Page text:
Sunday, January 13, 2013

< RM > story - The Bridge

The Bridge

There was once a bridge which spanned a
large river. During most of the day the bridge
sat with its length running up and down the
river paralleled with the banks, allowing
ships to pass thru freely on both sides of the
bridge. But at certain times each day, a train
would come along and the bridge would be
turned sideways across the river, allowing a
train to cross it.
A switchman sat in a small shack on one
side of the river where he operated the con-
trols to turn the bridge and lock it into place
as the train crossed. One evening as the
switchman was waiting for the last train of
the day to come; he looked off into the dis-
tance thru the dimming twilight and caught
sight of the train lights. He stepped to the
control and waited until the train was within
a prescribed distance when he was to turn
the bridge. He turned the bridge into posi-
tion, but, to his horror, he found the locking
control did not work. If the bridge was not
securely in position it would wobble back and
forth at the ends when the train came onto
it, causing the train to jump the track and go
crashing into the river. This would be a pas-
senger train with many people aboard.
He left the bridge turned across the river,
and hurried across the bridge to the other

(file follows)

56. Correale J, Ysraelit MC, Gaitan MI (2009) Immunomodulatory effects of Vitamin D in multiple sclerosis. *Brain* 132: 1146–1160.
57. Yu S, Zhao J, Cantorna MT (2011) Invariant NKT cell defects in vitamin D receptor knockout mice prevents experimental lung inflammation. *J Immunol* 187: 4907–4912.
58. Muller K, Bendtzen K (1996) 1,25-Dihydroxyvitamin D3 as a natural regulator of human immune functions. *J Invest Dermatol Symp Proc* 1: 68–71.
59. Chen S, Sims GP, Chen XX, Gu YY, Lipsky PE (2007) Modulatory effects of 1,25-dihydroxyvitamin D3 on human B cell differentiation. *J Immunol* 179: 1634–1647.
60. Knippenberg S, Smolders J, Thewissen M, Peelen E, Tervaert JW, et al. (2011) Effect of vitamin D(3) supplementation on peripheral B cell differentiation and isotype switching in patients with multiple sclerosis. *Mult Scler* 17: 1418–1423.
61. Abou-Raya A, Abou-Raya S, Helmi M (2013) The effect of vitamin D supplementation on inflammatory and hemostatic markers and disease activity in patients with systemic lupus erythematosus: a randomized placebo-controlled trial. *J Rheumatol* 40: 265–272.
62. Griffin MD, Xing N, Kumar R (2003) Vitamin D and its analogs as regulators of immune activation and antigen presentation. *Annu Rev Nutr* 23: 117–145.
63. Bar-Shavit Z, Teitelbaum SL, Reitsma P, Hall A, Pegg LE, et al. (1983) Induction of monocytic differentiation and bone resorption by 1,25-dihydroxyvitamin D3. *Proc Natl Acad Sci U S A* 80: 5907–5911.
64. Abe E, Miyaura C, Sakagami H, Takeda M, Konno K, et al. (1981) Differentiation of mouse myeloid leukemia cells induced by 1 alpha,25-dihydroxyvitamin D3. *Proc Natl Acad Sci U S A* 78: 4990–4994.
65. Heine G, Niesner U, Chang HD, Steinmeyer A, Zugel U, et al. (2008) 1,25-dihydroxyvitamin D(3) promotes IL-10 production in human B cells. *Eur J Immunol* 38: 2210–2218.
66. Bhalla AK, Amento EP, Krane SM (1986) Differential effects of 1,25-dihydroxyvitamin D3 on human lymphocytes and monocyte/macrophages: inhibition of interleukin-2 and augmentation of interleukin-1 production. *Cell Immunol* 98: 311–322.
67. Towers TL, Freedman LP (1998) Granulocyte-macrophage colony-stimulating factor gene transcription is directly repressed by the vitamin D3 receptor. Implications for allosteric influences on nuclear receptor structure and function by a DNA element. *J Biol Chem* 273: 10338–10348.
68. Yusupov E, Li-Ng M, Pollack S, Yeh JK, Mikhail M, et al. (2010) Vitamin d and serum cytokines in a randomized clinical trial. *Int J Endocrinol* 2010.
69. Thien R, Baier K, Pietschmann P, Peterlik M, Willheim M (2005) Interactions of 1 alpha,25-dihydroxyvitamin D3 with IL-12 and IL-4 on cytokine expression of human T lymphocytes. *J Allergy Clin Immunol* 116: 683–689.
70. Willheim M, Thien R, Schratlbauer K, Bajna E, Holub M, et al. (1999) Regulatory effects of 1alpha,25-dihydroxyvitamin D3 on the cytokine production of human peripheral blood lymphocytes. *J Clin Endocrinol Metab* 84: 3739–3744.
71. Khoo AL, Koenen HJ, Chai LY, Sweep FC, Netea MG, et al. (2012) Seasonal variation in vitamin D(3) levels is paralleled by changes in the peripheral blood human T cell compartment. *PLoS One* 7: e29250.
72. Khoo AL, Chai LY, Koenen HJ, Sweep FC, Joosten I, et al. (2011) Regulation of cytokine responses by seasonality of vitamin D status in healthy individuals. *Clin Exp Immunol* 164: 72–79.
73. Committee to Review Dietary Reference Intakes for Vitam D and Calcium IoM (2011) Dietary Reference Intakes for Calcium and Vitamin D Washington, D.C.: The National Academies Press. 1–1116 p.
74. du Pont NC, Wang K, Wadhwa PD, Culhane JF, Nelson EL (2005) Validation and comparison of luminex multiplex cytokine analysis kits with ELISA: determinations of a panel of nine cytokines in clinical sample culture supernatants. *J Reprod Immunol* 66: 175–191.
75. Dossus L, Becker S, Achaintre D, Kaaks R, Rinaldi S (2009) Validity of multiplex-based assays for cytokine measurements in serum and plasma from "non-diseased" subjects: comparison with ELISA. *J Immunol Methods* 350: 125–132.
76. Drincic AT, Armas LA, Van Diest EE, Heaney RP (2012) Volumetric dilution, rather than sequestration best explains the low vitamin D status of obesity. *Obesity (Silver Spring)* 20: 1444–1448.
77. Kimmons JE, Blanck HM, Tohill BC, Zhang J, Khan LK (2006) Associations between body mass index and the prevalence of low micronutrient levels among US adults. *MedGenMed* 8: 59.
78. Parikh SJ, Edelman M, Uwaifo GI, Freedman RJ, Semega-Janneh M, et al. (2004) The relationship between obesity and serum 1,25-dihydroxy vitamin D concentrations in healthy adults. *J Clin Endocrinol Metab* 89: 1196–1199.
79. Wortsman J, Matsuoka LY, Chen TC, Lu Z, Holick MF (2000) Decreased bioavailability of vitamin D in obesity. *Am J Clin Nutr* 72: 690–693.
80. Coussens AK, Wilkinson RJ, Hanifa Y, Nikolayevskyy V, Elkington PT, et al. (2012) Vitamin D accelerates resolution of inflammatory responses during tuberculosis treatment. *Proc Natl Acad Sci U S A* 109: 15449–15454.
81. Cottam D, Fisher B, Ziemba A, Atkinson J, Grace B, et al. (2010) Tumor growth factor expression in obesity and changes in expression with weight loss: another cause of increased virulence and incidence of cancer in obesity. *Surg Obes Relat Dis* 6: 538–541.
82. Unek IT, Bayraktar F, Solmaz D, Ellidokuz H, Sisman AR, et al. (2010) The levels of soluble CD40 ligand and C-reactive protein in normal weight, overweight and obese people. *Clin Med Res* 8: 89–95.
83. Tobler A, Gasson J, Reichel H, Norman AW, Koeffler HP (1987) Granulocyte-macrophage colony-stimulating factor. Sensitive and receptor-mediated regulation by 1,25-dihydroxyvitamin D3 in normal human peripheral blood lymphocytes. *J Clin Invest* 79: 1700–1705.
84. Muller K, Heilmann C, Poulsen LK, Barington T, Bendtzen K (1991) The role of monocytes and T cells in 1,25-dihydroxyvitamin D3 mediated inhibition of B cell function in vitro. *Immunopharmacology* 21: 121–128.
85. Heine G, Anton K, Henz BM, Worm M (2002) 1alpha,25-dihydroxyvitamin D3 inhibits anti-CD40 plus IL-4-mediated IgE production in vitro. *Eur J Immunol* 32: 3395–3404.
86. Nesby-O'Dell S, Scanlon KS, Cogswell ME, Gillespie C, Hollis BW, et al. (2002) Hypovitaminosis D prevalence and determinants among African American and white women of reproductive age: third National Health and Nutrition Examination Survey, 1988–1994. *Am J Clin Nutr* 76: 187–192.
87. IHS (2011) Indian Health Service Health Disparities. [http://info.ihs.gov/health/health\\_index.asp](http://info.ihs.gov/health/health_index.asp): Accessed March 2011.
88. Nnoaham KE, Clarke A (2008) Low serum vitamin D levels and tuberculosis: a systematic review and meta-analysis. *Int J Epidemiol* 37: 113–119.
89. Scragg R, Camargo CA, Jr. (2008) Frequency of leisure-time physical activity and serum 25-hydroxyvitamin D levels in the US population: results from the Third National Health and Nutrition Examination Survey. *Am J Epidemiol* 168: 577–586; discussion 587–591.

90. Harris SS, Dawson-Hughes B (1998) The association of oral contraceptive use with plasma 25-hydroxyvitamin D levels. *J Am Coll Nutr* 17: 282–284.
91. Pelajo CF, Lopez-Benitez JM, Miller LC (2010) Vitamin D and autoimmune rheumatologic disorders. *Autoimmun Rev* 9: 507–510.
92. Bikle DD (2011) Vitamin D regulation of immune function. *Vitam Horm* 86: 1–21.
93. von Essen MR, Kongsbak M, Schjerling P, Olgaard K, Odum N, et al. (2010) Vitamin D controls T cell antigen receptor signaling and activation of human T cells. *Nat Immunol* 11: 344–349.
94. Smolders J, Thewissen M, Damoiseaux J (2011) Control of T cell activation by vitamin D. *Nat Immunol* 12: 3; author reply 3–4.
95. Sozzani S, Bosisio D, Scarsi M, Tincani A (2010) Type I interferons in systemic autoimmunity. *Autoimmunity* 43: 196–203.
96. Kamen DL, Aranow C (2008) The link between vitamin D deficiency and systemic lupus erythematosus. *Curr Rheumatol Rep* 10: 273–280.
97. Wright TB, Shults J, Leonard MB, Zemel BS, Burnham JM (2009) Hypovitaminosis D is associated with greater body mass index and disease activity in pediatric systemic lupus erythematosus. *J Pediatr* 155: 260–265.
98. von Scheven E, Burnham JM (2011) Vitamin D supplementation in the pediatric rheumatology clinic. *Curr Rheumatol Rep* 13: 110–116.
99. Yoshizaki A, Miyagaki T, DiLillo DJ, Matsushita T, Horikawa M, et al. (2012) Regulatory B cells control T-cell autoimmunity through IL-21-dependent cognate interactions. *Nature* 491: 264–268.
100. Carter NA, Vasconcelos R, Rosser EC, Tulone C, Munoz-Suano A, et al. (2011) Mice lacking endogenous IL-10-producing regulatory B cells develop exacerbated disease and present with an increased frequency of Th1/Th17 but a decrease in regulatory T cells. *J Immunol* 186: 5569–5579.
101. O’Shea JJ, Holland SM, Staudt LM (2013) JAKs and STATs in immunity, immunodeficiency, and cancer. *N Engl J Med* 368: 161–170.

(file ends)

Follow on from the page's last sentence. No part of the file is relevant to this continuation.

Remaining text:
side of the river where there was a lever
switch he could hold to operate the lock man-
ually. He would have to hold the lever back
firmly as the train crossed. He could hear the
rumble of the train now, and he took hold of
the lever and leaned backward to apply his
weight to it, locking the bridge. He kept
applying the pressure to keep the mecha-
nism locked. Many lives depended on this
man's strength.
Then, coming across the bridge from the
direction of his control shack, he heard a
sound that made his blood run cold. "Daddy,
where are you?" His four-year-old son was
crossing the bridge to look for him. His first
impulse was to cry out to the child, "Run!
Run!" But the train was too close; the tiny
legs would never make it across the bridge in
time. The man almost left his lever to run
and snatch up his son and carry him to safe-
But he realized that he could not get back
to the lever. Either the people on the train or
his little son must die. He took a moment to
make his decision. The train sped safely and
swiftly on its way, and no one aboard was
even aware of the tiny broken body thrown
mercilessly into the river by the onrushing
train. Nor were they aware of the pitiful fig-
ure of the sobbing man, still clinging tightly
to the locking lever long after the train had
They did not see him walking home more
slowly than he had ever walked: to tell his
wife how their son had brutally died.

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